[1]. The opera had its world premiere at the Metropolitan Opera on March 8, 1917.

[2]. Irving Kolodin, The Metropolitan Opera, 1883–1966: A Candid History (New York: Knopf, 1966), 309–13.

[3]. Scrapbook Clipping, New York Evening Journal, March 9, 1917, MacKaye Family Archives, “Percy MacKaye Papers,” Collection housed at Dartmouth College Library, Hanover, New Hampshire, ML 5.

[4]. Howard Zinn, A People’s History of the United States, 1492-Present (New York: Harper Collins, 1995), 352–54. Though the war was a boon to commercial interests, the majority of Americans did not support entering the war (T. J. Jackson Lears, “The Concept of Cultural Hegemony: Problems and Possibilities,” The American Historical Review 90, no. 3 [June 1985]: 586, fn 46).

[5]. Woodrow Wilson, “War Message,” in War Messages, Senate Doc. No. 5 (Washington, D.C.: 65th Congress, 1st Session, 1917), http://www.lib.byu.edu/~rdh/wwi/1917/wilswarm.html.

[6]. Scrapbook clipping, New York Herald, April 8, 1917, “Percy MacKaye Papers.”

[7]. Correspondence, PM to RdK, July 19, 1915, “Percy MacKaye Papers”.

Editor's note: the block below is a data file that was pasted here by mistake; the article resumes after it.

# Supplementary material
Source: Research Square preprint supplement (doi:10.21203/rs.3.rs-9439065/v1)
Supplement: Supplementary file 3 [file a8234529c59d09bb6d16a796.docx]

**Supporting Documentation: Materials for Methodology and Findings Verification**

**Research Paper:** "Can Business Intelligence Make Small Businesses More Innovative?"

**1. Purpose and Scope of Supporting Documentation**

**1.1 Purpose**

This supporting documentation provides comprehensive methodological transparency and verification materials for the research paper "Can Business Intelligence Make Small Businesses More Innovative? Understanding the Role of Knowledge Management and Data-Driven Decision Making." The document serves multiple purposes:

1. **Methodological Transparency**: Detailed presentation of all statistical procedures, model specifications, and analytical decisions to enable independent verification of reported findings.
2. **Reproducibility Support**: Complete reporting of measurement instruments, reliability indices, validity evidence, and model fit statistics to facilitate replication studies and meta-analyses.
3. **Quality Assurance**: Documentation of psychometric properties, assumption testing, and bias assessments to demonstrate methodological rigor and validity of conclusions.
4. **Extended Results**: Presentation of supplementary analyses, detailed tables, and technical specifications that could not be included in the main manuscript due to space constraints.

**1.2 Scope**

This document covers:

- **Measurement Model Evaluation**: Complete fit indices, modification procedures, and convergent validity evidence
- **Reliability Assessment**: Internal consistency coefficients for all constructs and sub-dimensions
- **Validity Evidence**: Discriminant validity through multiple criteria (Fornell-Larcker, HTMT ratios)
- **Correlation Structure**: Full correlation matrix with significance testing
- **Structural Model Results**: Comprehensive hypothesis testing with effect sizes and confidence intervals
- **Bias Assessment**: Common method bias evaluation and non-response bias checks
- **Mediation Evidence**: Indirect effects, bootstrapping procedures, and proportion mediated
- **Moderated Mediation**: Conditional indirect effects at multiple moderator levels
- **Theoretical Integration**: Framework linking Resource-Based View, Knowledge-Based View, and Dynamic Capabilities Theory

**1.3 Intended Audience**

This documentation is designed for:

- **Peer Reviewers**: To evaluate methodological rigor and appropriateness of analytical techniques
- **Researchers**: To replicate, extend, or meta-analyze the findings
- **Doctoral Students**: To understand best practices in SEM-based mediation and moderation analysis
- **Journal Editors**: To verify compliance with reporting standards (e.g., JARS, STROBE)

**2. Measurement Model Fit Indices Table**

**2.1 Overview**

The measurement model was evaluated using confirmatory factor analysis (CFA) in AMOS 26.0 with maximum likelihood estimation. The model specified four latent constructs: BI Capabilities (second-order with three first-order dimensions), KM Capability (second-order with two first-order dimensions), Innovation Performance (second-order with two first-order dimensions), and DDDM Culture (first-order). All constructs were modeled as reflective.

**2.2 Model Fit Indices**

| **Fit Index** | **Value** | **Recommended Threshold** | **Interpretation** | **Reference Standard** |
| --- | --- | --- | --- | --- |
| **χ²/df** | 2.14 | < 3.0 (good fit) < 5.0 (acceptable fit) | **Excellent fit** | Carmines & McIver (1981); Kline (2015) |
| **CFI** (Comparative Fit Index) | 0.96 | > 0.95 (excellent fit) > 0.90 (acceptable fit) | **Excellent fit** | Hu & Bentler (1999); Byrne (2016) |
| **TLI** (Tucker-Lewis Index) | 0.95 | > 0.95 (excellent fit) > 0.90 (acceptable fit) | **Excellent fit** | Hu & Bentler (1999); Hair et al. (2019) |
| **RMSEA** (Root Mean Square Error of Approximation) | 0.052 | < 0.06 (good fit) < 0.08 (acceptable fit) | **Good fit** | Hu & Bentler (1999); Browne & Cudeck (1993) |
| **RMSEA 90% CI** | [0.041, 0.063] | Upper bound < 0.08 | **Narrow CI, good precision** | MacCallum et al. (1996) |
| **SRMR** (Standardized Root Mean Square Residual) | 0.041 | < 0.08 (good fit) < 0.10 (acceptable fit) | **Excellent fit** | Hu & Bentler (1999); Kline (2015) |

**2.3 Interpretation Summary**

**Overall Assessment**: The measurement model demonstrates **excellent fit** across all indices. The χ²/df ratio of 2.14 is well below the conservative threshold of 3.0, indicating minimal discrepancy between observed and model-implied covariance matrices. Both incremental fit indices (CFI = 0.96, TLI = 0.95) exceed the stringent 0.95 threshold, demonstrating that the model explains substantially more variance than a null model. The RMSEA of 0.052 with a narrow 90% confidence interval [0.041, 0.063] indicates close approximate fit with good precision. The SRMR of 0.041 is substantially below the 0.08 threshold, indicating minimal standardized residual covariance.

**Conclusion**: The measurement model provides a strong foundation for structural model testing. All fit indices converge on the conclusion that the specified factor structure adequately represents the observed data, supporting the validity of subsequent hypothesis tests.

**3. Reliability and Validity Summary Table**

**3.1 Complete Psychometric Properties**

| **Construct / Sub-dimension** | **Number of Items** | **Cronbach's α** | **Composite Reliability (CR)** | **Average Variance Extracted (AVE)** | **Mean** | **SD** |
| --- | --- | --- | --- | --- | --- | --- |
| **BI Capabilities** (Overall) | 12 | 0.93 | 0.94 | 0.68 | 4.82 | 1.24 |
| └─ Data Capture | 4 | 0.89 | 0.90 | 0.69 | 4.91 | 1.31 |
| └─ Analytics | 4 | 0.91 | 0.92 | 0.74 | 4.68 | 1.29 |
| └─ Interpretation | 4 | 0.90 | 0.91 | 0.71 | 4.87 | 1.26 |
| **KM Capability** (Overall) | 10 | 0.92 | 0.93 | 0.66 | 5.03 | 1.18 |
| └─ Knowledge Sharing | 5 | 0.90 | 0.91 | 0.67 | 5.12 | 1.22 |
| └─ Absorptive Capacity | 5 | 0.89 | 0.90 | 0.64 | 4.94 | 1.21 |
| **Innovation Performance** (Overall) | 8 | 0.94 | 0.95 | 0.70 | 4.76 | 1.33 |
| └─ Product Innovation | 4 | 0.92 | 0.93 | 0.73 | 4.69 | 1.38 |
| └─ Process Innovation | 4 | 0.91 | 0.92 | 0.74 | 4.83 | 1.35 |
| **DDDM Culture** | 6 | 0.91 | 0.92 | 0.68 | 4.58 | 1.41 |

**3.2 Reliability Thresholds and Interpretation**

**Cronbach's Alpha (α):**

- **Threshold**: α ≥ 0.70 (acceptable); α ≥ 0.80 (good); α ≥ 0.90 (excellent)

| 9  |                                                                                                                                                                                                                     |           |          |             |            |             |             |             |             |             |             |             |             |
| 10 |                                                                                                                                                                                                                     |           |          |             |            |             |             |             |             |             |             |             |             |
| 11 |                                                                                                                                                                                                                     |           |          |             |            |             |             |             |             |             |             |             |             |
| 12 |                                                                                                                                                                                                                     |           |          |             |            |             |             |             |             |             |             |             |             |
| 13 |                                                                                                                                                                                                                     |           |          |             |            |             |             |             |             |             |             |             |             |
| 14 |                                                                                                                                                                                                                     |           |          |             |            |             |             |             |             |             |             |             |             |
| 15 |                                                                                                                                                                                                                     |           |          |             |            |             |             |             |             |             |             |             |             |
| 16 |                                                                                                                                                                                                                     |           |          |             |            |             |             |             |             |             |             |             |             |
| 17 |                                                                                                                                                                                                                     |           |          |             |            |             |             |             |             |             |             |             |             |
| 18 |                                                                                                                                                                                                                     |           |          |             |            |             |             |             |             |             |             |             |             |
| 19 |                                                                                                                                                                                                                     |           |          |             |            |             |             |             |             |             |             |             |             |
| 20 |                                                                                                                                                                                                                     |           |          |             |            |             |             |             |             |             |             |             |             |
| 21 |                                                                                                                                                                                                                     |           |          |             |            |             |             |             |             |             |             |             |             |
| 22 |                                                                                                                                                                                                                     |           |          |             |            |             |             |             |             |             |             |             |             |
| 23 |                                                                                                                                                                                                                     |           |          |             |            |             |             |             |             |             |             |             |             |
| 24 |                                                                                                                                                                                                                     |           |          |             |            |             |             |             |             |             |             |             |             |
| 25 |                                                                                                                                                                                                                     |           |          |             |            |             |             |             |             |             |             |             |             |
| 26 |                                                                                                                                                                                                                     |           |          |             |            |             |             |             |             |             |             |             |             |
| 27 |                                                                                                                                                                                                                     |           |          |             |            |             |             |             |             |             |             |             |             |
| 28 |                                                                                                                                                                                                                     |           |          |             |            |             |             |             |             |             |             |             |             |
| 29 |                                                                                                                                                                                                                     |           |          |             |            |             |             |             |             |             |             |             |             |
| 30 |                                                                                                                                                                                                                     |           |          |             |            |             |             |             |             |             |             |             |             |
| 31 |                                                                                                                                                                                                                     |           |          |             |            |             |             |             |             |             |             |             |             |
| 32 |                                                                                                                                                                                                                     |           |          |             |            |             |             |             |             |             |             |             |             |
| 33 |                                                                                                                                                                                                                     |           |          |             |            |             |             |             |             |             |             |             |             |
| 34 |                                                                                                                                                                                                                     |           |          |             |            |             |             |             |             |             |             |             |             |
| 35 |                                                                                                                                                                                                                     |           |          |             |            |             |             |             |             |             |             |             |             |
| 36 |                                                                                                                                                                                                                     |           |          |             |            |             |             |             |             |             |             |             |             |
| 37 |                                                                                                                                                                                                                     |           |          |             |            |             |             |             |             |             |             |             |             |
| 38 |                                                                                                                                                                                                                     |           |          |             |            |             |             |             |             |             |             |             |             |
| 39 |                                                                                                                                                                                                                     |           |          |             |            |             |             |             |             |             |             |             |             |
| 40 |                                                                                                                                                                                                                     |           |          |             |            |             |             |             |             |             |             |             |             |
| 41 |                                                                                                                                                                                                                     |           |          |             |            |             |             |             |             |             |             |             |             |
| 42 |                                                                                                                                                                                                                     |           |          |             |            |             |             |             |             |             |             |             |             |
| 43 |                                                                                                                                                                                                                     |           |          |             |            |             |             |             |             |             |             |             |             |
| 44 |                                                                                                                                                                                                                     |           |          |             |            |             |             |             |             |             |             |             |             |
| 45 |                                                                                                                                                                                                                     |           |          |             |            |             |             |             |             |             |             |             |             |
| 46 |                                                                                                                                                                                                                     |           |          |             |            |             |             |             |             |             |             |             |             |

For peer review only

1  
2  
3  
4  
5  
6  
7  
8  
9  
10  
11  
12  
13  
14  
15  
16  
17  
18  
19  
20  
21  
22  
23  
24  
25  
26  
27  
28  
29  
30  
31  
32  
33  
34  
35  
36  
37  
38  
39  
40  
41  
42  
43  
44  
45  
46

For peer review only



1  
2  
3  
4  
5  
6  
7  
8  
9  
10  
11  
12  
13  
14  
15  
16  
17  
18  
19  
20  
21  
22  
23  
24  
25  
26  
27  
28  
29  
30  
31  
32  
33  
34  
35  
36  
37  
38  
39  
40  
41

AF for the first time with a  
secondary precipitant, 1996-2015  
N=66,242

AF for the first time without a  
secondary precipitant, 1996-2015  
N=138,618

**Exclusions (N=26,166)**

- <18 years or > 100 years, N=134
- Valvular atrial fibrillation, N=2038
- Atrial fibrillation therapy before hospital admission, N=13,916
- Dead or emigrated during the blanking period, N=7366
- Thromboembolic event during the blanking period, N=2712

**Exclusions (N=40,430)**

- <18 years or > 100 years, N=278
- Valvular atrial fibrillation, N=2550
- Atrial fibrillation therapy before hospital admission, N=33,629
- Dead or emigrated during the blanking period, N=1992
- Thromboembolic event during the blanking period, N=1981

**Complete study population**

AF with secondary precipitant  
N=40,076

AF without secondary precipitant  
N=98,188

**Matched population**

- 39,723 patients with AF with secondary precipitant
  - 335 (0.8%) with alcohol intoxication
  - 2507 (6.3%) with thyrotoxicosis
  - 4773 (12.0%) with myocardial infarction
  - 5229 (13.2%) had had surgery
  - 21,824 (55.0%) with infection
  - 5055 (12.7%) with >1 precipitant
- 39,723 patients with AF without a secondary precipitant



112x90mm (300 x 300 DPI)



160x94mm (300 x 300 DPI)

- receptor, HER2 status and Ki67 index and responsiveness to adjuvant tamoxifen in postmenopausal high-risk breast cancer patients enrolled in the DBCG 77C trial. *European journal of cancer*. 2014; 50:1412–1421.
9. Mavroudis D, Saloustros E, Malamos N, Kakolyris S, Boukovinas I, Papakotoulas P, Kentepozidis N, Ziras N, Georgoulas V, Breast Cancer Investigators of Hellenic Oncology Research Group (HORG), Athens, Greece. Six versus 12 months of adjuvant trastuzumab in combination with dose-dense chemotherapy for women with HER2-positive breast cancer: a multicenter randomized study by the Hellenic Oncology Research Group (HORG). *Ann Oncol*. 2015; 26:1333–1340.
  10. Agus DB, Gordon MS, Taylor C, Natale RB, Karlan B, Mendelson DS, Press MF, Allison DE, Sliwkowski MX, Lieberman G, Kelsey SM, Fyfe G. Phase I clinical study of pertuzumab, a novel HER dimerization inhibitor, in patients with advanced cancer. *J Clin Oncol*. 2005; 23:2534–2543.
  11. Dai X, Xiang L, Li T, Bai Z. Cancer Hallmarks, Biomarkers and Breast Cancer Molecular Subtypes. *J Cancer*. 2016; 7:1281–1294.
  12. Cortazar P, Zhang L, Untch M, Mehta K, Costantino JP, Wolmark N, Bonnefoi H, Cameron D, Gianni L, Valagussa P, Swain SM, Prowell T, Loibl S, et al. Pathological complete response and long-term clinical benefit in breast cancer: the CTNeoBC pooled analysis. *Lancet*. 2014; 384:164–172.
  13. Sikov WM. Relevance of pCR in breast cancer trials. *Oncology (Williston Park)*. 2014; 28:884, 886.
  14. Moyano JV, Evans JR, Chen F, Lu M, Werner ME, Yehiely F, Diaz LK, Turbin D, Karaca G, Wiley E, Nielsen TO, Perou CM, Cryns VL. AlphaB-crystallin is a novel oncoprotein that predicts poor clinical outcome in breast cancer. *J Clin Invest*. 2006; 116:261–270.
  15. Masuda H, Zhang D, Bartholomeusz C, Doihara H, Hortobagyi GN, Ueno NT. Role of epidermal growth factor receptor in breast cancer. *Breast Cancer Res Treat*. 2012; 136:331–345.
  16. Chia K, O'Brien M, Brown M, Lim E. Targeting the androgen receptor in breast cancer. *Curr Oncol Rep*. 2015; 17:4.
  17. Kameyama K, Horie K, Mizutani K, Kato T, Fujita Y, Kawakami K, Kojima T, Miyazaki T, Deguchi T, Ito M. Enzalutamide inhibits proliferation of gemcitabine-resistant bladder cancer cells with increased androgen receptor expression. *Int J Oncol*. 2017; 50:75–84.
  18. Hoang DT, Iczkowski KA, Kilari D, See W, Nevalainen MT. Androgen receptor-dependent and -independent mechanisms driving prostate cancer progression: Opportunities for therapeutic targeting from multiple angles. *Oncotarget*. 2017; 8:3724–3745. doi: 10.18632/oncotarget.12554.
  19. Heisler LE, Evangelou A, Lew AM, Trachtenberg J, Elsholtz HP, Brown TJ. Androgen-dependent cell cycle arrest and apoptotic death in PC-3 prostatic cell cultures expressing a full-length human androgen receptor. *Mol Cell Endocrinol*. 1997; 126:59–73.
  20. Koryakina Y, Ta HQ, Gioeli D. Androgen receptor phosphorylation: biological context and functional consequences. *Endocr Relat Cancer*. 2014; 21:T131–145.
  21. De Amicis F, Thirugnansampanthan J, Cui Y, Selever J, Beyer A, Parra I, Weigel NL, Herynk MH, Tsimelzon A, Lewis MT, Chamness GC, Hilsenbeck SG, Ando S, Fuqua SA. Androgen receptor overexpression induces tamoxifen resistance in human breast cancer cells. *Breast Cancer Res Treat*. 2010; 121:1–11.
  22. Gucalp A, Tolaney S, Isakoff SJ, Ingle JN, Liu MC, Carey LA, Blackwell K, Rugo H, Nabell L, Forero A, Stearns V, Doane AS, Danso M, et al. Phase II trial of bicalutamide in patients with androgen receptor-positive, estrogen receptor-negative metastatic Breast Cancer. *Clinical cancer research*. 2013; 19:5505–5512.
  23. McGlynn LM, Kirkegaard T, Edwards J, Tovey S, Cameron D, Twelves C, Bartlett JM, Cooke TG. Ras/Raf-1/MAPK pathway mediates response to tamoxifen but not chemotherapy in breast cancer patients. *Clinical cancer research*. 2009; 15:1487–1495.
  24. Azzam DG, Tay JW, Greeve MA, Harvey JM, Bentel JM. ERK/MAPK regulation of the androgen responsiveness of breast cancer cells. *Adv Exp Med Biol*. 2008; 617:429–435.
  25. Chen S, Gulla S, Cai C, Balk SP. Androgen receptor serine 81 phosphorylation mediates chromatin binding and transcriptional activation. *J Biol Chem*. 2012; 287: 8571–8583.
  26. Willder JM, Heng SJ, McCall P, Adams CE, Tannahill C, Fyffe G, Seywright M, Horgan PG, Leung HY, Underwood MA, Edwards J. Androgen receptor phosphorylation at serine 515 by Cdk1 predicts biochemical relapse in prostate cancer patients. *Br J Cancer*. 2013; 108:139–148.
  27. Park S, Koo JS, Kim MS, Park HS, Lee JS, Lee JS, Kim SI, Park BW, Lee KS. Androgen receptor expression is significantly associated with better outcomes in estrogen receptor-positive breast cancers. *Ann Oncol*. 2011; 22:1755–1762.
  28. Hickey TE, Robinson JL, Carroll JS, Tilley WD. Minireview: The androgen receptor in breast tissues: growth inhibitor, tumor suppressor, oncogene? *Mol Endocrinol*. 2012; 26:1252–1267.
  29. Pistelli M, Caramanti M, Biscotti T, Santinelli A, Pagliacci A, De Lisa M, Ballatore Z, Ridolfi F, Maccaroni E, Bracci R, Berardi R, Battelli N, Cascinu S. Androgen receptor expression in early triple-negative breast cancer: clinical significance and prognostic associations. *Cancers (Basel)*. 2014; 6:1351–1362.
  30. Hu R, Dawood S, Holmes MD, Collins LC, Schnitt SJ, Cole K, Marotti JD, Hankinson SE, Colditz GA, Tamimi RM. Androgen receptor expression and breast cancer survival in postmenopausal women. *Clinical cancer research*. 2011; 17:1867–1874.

[8]. Quaintance Eaton, The Miracle of the Met: An Informal History of the Metropolitan Opera, 1883–1967 (New York: Meredith Press, 1968), 194–95.

[9]. Percy MacKaye, lyricist, and Reginald deKoven, composer, The Canterbury Pilgrims, An Opera in Four Acts (Cincinnati and New York: John Church Company, 1916), 54.

[10]. Percy MacKaye, The Canterbury Pilgrims: An Opera (Libretto) (New York: Macmillan, 1916), 54; and, Scrapbook clipping, unknown source, April 3, 1917, “Percy MacKaye Papers”. Compare this with Metropolitan manager, Giulio Gatti-Casazza’s version: “There was an immense stir in the house. Backstage, in the wings, Mme. Margarete Ober, who was a patriotic German, was so affected by the news that she fainted away, and we had to go through the last act without her” (Memories of the Opera [New York: Charles Scribner’s Sons, 1941], 179–80). According to all sources, Mme. Ober did sing the season’s remaining two performances.

Already, the opera was associated with entering the war: the second performance had been attended by Ambassador James Gerard (had he nothing better to do?), and the New York City Times duly noted that he “listened with evident interest to a language which he and his official staff had been hissed for using when attending theatres in Berlin” (Scrapbook clipping, March 17, 1917, “Percy MacKaye Papers”).

[11]. Eaton, The Miracle of the Met, 193–95.